"He's probably our most highly regarded public servant," says Kunal Merchant, chief of staff to Sacramento mayor Kevin Johnson. Wendy Rea Hill, executive director of the Sacramento Gay & Lesbian Center, adds, "We've never had such a positive working relationship with law enforcement."

Braziel is considered a national expert on community policing, which involves beat cops working with service providers and local leaders. In fact, he cowrote a book on it, COP Talk: Essential Communication Skills for Community Policing.

Braziel began in Sacramento by updating the department's website with neighborhood-specific links, crime updates, police reports, a blog, Facebook, and Twitter. Under his guidance, the Sacramento Police Department became more tech savvy than a prepubescent teen.

When his office faced a report in 2008 that alleged disparately high police stops of blacks and Latinos, Braziel acknowledged that people may not trust his department and said that a report's recommendations didn't go far enough to rectify the problem. And when an officer was charged with defrauding the welfare system, Braziel said, "We don't tolerate this kind of behavior. Once we establish that someone has committed this type of crime, we act swiftly," Sacramento television station KCRA reported.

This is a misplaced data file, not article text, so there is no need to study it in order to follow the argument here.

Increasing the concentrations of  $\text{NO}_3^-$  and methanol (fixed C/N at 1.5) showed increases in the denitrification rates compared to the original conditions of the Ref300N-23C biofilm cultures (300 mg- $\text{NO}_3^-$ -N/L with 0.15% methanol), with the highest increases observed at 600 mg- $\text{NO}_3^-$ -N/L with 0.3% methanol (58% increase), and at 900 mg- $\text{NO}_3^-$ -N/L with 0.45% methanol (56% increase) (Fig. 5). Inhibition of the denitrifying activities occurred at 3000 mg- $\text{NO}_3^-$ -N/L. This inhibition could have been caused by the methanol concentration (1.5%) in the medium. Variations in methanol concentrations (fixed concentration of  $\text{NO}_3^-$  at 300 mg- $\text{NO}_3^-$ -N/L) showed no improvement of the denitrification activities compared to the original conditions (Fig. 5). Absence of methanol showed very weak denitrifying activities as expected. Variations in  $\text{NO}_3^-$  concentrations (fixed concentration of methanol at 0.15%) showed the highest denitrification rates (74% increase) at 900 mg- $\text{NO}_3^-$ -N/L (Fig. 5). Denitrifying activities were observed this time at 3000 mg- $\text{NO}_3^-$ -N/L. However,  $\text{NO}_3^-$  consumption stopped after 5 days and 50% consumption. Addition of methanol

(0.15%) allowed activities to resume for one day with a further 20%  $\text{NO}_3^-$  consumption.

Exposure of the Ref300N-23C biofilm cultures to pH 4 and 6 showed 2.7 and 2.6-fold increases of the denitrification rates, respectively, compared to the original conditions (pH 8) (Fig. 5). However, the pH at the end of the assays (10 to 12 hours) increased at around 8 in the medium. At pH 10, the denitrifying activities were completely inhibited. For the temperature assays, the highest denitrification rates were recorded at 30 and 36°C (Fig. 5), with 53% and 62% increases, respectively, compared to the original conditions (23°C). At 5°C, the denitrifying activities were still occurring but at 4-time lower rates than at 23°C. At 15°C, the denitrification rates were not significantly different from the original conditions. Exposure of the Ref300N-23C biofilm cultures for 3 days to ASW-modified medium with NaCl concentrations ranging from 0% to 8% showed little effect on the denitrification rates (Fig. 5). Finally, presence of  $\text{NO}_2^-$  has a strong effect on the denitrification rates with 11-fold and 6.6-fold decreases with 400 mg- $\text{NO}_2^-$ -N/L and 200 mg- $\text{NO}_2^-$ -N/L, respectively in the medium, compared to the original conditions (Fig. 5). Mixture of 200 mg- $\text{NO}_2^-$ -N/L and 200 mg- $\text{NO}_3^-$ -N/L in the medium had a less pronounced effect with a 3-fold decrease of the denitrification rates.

Add to his résumé: Braziel has partnered with private-sector businesses to provide management training for command staff and helped start a high-school magnet academy that gets students job-ready for the police department after graduation.

In 2008, Sacramento was a hotbed of Proposition 8 proponents and opponents fighting over the rights of gay and lesbian couples to marry. "Chief Braziel made the health and safety of the LGBT community his first priority," says Hill. "We saw that reflected in resources and the coverage he gave us on the website."

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That attitude extended far beyond Proposition 8, which passed in November 2008. Hill says gay rights are a highly divisive issue in Sacramento, in part because of the city's large immigrant population, which identifies with a conservative religious background. "But any time an assault happens, the police department is the first to respond to us," says Hill. Several years ago, a gay teenager was killed on July 4 in an apparent hate crime, and Hill says Chief Braziel took action. "Because of him, we have our own community liaison, we have a police officer on our pride-festival committee to help us plan for safety every step of the way. The department truly is our first point of contact for anything."

Right now, more than ever, a police-chief candidate who brings fresh blood and a track record of community policing, accountability, and transparency—a candidate like Rick Braziel—is what Seattle needs. recommended